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China’s Yuan is Now the Most Traded Currency in Russia

Russia’s central bank has been calling for companies and citizens to move assets into rouble or ‘friendly’ currencies to avoid the risk of them being blocked or frozen amid sanctions over war in Ukraine

Chinese officials are said to have privately taken credit for getting Putin to back down from his nuclear blackmail after multiple veiled and open threats to use such weapons in Ukraine.
Putin and Xi will take part in a gala evening celebrating 75 years since the Soviet Union recognised the People's Republic of China. This image shows them at a reception at the Kremlin in March 2023 (Sputnik via Reuters).


The Chinese yuan has surpassed the US dollar as the most traded currency in Russia, largely because of sanctions imposed on Moscow after it invaded Ukraine 14 months ago.

That development occurred initially in February, but the change “widened further in March”, according to a report by InvestorsKing, a financial news-site that cited data from the Moscow Exchange.

Russian companies and the government have been forced to undertake foreign trade transactions in currencies of allies such as China and India, which have declined to support sanctions imposed by Washington, the European Union and other nations because of the strong reaction to the first conflict in Europe since World War II.

Russia’s Finance Ministry converted its market operations to the yuan instead of the dollar earlier this year and developed a new structure for the national wealth fund to hold 60% of its assets in yuan, the report said, as “additional sanctions imposed this year that have affected the few banks in Russia that can make cross-border transfers in dollars and other currencies of countries considered ‘unfriendly’ by the Kremlin”.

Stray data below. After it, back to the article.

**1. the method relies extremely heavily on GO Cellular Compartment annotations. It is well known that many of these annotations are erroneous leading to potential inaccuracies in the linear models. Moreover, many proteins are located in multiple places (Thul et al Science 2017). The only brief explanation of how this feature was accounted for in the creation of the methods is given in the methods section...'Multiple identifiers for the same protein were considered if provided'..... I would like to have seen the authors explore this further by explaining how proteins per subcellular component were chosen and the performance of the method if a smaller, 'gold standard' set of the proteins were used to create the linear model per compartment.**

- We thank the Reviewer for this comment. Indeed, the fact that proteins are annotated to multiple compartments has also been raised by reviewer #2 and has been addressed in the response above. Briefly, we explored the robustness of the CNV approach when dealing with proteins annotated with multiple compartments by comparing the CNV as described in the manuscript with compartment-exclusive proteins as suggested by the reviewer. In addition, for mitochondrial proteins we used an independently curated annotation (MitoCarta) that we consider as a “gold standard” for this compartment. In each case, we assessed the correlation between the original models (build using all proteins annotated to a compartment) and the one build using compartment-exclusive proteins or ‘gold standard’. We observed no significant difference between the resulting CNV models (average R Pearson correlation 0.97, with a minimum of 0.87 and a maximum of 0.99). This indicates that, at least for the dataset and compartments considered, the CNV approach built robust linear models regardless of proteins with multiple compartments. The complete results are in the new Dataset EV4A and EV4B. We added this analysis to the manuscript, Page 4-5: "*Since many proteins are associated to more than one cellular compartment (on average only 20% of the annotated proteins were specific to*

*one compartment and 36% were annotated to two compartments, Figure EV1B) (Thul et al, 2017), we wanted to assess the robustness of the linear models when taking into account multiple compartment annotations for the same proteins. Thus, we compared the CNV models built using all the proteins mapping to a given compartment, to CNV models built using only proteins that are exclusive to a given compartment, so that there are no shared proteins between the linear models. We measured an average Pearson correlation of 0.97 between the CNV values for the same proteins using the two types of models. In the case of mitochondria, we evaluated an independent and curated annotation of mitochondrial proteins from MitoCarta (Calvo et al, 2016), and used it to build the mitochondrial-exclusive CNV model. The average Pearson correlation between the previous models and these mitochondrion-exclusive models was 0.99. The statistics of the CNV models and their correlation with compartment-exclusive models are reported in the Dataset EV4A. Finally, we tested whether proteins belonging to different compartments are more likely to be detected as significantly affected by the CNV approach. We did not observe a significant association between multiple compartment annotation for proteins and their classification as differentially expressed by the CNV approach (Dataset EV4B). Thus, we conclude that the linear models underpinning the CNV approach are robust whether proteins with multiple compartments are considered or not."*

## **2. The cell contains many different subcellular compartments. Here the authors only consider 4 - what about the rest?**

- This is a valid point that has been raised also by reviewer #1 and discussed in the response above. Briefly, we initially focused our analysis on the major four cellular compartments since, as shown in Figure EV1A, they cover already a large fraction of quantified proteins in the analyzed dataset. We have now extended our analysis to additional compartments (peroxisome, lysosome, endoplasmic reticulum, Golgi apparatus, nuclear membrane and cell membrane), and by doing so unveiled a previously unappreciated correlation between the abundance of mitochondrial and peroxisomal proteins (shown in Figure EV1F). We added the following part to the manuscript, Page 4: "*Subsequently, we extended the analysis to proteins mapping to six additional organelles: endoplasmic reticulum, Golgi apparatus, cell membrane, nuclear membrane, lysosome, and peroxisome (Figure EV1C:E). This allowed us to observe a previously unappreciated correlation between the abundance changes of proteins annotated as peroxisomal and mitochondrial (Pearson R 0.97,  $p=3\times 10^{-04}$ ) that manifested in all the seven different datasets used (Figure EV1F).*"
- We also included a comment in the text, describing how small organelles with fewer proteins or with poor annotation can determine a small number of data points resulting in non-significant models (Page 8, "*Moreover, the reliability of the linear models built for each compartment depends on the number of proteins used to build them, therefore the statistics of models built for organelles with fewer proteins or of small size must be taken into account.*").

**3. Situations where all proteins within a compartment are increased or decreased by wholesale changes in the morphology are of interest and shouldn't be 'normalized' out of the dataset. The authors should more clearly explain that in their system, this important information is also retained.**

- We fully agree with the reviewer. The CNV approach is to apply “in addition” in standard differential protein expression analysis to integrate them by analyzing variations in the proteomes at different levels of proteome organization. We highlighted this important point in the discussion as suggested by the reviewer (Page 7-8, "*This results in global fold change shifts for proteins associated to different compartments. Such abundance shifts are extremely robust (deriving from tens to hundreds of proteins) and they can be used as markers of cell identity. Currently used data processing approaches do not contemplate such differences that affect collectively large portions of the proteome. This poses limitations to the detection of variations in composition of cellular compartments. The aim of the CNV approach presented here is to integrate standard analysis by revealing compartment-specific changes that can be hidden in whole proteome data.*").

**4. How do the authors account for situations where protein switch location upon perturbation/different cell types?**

The Bank of Russia, the country’s central bank, has been advising companies and citizens to move their assets into the rouble or ‘friendly’ currencies to avoid the risk of having them blocked or frozen.


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Sanctions over the war in Ukraine appear to be a key factor in eroding US dollar dominance, given that countries in various regions such as Southeast Asia and the Middle East have preferred to keep their heads down and not pick sides amid heightened geopolitical tensions.

China’s long-term plan to reduce the power and reach of US dollar hegemony took two steps forward last week. And more such moves appear to be looming.

The Brazilian government announced on March 29 that it had agreed with Beijing that all bilateral trade will now be settled in their local currencies, rather than the dollar. That deal was spurred partly by the fact China is Brazil’s biggest trading partner.

The second step was news that China’s national oil company CNOOC and France’s TotalEnergies had completed China’s first LNG trade settled in yuan.

Economic analysts have noted that China, Russia and the Shanghai Cooperation Organization (a China-led group of developing nations) are starting to build alternative economic blocks separate from the dollar, which has been the dominant global currency for decades.